A jellyfish is seen at the aquarium La Rochelle, France, February 12, 2016. Reuters/Regis Duvignau

James Cook University Associate Professor and Irukandji jellyfish expert Jamie Seymour has stated that the deadly jellyfish are moving towards Queensland’s Sunshine Coast beaches because of rising sea temperatures. The specialist, who is also associated with the Australian Institute of Tropical Health and Medicine in Cairns, used sampling to confirm the move. He found a one to two degrees temperature rise in the waters off the southern coast.

The animals have started moving because of that and Seymour predicts that south-east Queensland beaches could be closed down as stings from the Irukandji jellyfish may increase. Marine experts sounded the alarm after four people had to be rushed to the hospital after they received stings from the deadly jellyfish on Wednesday and Thursday on the western side of Fraser Island.

RACQ LifeFlight Rescue has confirmed that the 12-year-old-girl and the three women are in stable conditions and receiving treatment at the Hervey Bay Hospital. Seymour has warned that the Irukandji jellyfish migration needs to be taken very seriously as the length of their migration season has increased from one-two months to almost six months. Now, it’s only a matter of time for the jellyfish to enter Sunshine Coast moving from the southern end of Fraser Island.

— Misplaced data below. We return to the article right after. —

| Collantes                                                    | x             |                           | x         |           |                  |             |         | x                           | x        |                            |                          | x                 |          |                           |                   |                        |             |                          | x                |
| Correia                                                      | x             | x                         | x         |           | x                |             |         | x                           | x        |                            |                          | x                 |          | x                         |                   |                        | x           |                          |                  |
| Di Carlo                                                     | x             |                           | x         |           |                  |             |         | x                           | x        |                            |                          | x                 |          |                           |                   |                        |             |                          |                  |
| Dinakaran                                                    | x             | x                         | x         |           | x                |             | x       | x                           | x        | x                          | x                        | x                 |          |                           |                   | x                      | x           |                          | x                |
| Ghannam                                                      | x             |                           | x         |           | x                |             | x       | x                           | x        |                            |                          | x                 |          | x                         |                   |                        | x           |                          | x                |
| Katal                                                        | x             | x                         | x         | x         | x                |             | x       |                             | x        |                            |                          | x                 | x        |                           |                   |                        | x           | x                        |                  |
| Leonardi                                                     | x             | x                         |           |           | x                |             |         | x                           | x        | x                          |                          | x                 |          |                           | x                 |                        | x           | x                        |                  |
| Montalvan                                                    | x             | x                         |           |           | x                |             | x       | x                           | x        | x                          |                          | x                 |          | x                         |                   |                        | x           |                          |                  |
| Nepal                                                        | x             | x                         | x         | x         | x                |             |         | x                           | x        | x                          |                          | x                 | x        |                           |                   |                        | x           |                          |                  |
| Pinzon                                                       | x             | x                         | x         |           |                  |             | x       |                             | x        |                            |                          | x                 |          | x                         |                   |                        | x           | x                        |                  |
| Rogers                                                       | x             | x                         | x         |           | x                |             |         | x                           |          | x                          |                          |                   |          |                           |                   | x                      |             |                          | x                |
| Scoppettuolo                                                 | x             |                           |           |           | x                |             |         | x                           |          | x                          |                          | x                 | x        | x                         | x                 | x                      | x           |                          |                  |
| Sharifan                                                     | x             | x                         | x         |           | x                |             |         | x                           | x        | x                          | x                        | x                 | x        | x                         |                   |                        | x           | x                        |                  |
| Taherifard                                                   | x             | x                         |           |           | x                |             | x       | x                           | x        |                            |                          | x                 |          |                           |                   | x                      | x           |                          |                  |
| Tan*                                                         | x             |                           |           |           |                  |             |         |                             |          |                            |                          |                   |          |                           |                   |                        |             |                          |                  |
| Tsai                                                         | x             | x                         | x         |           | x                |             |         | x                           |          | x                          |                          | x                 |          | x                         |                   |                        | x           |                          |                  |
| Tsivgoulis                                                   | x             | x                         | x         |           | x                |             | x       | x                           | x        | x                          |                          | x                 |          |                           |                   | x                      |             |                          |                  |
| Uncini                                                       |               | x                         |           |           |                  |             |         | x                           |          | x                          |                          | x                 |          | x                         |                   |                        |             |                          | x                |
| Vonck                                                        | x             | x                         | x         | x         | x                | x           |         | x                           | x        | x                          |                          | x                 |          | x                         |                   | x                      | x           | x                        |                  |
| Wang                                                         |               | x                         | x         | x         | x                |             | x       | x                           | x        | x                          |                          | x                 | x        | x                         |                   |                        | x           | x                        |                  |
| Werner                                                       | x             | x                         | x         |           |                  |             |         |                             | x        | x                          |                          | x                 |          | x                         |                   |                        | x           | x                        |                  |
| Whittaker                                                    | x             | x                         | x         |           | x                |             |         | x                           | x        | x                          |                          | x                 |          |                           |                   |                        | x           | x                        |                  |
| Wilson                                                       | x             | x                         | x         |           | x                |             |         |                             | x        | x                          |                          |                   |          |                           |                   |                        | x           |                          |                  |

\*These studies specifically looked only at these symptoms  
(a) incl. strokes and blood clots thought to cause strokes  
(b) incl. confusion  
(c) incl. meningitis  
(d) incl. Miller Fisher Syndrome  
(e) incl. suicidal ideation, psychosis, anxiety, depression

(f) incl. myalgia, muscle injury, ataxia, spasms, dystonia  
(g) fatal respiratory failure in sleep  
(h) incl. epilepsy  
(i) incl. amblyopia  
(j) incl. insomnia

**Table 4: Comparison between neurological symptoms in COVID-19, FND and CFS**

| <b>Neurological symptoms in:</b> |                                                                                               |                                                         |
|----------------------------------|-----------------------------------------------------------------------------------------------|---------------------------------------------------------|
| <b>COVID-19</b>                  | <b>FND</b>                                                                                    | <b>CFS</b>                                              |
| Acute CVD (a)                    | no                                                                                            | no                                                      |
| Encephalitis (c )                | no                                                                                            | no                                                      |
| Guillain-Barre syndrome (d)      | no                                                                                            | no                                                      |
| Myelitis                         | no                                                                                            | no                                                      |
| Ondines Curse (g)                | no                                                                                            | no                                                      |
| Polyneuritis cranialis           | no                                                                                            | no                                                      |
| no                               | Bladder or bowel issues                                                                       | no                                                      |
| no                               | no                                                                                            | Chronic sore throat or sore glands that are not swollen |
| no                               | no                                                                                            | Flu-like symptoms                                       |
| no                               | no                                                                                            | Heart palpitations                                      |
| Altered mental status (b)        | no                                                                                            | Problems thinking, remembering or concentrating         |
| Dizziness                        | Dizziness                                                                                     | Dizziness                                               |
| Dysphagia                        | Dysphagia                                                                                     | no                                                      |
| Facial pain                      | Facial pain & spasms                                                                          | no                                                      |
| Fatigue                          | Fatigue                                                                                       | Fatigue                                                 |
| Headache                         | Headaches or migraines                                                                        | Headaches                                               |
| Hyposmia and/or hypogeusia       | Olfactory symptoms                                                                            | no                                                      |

“What we need to do is get a better understanding of the biology of the animal. We've got good data now that shows quite nicely that Irukandji have been spreading down the east coast of Australia, moving slowly but surely southwards,” Seymour told the ABC.

Irukandji jellyfish stings have resulted in two confirmed deaths in recent history in Australia and dozens of people are hospitalised every year as a result of the stings. The pain caused by the stings is overwhelming and generally lasts six to 12 hours. There are severe stomach cramps, nausea and vomiting. Around 10-15 percent of the patients end up with cardiac problems.